Hobby Lobby’s collection of repatriated objects does not include the best-known of its holdings from Mesopotamia: an approximately 3,500 year old fragment of a clay tablet inscribed with a fragment of the Epic of Gilgamesh, an ancient saga with similarities to stories of the Great Flood and the Garden of Eden, which is many centuries older than the Old Testament.
The Department of Justice, labeling it as “stolen Iraqi property,” seized the tablet in 2019. It is the Hobby Lobby’s only artifact among the artifacts returned to Iraq on display at the Museum of the Bible.
Hobby Lobby, which is suing Christie’s auction house for reclaiming the $ 1.6 million it paid for the fragment in a private sale in London, withdrew its objection to the return in July. Now in a federal warehouse in Brooklyn, the piece is to be returned to Iraq in a few weeks.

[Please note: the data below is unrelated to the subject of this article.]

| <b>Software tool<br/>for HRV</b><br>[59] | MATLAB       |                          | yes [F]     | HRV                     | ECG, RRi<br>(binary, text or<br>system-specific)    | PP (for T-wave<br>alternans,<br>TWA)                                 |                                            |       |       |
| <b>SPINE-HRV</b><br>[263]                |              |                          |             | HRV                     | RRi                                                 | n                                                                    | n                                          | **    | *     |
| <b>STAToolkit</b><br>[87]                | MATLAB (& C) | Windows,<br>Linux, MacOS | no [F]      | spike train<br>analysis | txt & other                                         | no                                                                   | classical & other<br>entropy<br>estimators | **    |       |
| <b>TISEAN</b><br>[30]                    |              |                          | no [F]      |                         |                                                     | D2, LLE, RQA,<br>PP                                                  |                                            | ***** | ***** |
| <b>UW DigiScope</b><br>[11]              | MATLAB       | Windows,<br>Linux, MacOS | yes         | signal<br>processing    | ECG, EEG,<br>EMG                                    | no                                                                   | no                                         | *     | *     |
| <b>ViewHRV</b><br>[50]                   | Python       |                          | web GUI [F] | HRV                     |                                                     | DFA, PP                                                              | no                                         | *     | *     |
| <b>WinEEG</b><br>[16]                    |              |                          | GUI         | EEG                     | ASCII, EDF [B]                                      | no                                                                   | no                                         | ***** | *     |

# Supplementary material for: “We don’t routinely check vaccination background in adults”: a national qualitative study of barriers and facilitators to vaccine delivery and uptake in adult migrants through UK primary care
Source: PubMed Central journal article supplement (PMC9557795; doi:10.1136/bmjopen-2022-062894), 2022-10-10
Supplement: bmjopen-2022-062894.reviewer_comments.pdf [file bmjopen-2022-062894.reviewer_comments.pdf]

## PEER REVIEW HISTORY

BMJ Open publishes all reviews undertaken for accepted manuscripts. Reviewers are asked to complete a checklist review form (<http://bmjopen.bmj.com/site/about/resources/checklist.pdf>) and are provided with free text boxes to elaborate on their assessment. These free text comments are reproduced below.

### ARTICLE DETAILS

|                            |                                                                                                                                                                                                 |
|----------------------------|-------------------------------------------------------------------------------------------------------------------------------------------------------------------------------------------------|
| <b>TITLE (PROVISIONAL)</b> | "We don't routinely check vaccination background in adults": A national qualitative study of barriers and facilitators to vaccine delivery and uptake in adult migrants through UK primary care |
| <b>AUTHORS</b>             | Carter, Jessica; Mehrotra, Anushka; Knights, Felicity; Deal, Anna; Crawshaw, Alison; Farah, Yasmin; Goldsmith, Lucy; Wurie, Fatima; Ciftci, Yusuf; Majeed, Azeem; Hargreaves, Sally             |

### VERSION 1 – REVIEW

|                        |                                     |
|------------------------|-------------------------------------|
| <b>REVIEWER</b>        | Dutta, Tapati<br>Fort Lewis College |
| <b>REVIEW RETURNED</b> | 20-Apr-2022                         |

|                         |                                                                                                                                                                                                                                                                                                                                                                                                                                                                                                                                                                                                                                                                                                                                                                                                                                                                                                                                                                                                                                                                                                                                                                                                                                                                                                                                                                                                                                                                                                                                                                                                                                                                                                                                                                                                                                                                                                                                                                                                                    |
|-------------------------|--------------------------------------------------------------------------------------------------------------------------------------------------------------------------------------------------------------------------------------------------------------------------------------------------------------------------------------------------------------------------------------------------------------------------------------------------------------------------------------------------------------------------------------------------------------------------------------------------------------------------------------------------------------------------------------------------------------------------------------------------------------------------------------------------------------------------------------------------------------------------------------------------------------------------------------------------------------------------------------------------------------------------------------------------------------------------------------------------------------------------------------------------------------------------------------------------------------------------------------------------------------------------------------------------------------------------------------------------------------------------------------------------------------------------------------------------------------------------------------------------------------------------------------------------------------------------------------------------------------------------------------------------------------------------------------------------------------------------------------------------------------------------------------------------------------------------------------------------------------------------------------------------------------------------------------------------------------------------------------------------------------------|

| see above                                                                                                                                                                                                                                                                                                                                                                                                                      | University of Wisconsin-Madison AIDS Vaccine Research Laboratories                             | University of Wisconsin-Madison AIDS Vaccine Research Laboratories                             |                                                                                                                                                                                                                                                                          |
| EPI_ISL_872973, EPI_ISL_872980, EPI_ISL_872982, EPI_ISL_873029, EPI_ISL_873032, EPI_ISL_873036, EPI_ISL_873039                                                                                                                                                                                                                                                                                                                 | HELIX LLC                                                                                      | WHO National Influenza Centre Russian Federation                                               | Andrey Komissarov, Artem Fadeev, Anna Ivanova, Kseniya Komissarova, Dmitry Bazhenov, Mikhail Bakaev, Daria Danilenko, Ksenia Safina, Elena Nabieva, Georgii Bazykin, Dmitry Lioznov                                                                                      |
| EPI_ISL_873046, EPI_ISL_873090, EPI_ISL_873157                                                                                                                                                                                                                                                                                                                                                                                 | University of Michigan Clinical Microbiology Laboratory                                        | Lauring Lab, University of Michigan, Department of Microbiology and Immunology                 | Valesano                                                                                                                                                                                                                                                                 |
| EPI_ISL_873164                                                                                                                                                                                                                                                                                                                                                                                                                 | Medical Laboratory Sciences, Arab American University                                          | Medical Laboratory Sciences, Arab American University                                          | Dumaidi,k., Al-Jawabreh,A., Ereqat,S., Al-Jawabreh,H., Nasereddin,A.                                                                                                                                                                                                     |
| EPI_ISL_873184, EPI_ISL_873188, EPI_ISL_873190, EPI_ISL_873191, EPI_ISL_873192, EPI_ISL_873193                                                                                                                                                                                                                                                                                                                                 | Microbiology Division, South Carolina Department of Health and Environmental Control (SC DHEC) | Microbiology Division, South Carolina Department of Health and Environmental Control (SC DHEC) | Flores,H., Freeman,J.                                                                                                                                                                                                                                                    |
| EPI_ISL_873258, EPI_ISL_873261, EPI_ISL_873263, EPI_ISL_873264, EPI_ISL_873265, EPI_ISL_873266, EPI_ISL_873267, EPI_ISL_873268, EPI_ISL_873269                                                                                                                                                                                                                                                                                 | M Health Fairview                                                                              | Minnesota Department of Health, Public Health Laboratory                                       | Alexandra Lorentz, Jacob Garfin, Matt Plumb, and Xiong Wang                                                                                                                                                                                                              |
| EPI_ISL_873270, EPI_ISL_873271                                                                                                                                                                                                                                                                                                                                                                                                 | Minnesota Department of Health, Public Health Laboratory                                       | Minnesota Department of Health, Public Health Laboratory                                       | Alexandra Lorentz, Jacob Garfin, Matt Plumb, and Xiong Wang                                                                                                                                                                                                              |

The 6 x 5 inch tablet was first offered for sale in 2001 by a Jordanian antique dealer in London. After that it changed hands several times and in 2014 Christie’s brokered a private sale to Hobby Lobby with documents later found to be false. The Justice Department said a trader had warned that the provenance would not stand up to scrutiny at a public auction. Christie’s said it didn’t know the documents were fake.
Hobby Lobby President Steve Green said that he knew nothing about collecting when he started the museum and that he was misled by unscrupulous traders.
Some of the artifacts were purchased in lots of up to 2,000, with the museum’s current director describing paperwork so vaguely that the museum did not know what it was getting.